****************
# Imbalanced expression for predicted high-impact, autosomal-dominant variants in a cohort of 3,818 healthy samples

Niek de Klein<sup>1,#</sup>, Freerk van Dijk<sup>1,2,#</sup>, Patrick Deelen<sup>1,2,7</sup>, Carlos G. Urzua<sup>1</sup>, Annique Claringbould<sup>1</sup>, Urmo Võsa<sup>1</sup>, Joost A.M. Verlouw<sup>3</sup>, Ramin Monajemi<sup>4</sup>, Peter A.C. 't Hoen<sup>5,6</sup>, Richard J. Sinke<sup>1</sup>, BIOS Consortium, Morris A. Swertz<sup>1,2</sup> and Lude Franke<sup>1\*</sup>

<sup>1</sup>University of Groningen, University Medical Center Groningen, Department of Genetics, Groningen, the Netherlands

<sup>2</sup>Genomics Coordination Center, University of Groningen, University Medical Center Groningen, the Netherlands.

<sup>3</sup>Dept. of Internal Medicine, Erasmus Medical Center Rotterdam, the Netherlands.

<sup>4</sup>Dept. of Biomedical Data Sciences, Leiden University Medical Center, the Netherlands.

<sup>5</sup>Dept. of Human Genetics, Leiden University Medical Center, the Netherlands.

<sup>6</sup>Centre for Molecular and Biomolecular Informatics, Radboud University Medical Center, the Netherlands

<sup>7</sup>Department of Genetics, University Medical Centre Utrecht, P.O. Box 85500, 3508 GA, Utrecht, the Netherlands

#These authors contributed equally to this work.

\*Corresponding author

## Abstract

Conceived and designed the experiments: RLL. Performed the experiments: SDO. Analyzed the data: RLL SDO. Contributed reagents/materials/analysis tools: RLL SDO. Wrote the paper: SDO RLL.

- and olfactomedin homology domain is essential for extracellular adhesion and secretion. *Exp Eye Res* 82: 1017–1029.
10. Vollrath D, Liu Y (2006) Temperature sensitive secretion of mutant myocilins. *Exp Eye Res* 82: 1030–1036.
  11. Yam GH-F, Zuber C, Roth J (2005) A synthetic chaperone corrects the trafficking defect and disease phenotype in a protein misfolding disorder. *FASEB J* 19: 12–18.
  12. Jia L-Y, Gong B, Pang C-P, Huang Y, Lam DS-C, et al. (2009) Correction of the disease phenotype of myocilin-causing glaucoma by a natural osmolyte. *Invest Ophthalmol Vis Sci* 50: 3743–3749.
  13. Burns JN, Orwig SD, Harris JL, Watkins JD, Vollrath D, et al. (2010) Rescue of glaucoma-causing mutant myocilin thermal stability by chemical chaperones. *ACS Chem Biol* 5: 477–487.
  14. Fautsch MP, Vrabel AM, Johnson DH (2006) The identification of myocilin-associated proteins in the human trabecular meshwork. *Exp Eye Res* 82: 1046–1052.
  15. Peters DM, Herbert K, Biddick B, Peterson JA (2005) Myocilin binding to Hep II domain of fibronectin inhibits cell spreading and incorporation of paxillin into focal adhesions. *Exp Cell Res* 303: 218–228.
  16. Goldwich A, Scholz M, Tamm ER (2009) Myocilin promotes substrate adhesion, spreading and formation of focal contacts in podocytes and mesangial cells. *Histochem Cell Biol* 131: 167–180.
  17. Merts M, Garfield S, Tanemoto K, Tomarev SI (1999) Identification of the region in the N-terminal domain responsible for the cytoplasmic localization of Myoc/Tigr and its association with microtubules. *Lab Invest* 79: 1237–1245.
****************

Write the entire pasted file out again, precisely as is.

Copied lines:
# Imbalanced expression for predicted high-impact, autosomal-dominant variants in a cohort of 3,818 healthy samples

Niek de Klein<sup>1,#</sup>, Freerk van Dijk<sup>1,2,#</sup>, Patrick Deelen<sup>1,2,7</sup>, Carlos G. Urzua<sup>1</sup>, Annique Claringbould<sup>1</sup>, Urmo Võsa<sup>1</sup>, Joost A.M. Verlouw<sup>3</sup>, Ramin Monajemi<sup>4</sup>, Peter A.C. 't Hoen<sup>5,6</sup>, Richard J. Sinke<sup>1</sup>, BIOS Consortium, Morris A. Swertz<sup>1,2</sup> and Lude Franke<sup>1\*</sup>

<sup>1</sup>University of Groningen, University Medical Center Groningen, Department of Genetics, Groningen, the Netherlands

<sup>2</sup>Genomics Coordination Center, University of Groningen, University Medical Center Groningen, the Netherlands.

<sup>3</sup>Dept. of Internal Medicine, Erasmus Medical Center Rotterdam, the Netherlands.

<sup>4</sup>Dept. of Biomedical Data Sciences, Leiden University Medical Center, the Netherlands.

<sup>5</sup>Dept. of Human Genetics, Leiden University Medical Center, the Netherlands.

<sup>6</sup>Centre for Molecular and Biomolecular Informatics, Radboud University Medical Center, the Netherlands

<sup>7</sup>Department of Genetics, University Medical Centre Utrecht, P.O. Box 85500, 3508 GA, Utrecht, the Netherlands

#These authors contributed equally to this work.

\*Corresponding author

## Abstract

Conceived and designed the experiments: RLL. Performed the experiments: SDO. Analyzed the data: RLL SDO. Contributed reagents/materials/analysis tools: RLL SDO. Wrote the paper: SDO RLL.

- and olfactomedin homology domain is essential for extracellular adhesion and secretion. *Exp Eye Res* 82: 1017–1029.
10. Vollrath D, Liu Y (2006) Temperature sensitive secretion of mutant myocilins. *Exp Eye Res* 82: 1030–1036.
  11. Yam GH-F, Zuber C, Roth J (2005) A synthetic chaperone corrects the trafficking defect and disease phenotype in a protein misfolding disorder. *FASEB J* 19: 12–18.
  12. Jia L-Y, Gong B, Pang C-P, Huang Y, Lam DS-C, et al. (2009) Correction of the disease phenotype of myocilin-causing glaucoma by a natural osmolyte. *Invest Ophthalmol Vis Sci* 50: 3743–3749.
  13. Burns JN, Orwig SD, Harris JL, Watkins JD, Vollrath D, et al. (2010) Rescue of glaucoma-causing mutant myocilin thermal stability by chemical chaperones. *ACS Chem Biol* 5: 477–487.
  14. Fautsch MP, Vrabel AM, Johnson DH (2006) The identification of myocilin-associated proteins in the human trabecular meshwork. *Exp Eye Res* 82: 1046–1052.
  15. Peters DM, Herbert K, Biddick B, Peterson JA (2005) Myocilin binding to Hep II domain of fibronectin inhibits cell spreading and incorporation of paxillin into focal adhesions. *Exp Cell Res* 303: 218–228.
  16. Goldwich A, Scholz M, Tamm ER (2009) Myocilin promotes substrate adhesion, spreading and formation of focal contacts in podocytes and mesangial cells. *Histochem Cell Biol* 131: 167–180.
  17. Merts M, Garfield S, Tanemoto K, Tomarev SI (1999) Identification of the region in the N-terminal domain responsible for the cytoplasmic localization of Myoc/Tigr and its association with microtubules. *Lab Invest* 79: 1237–1245.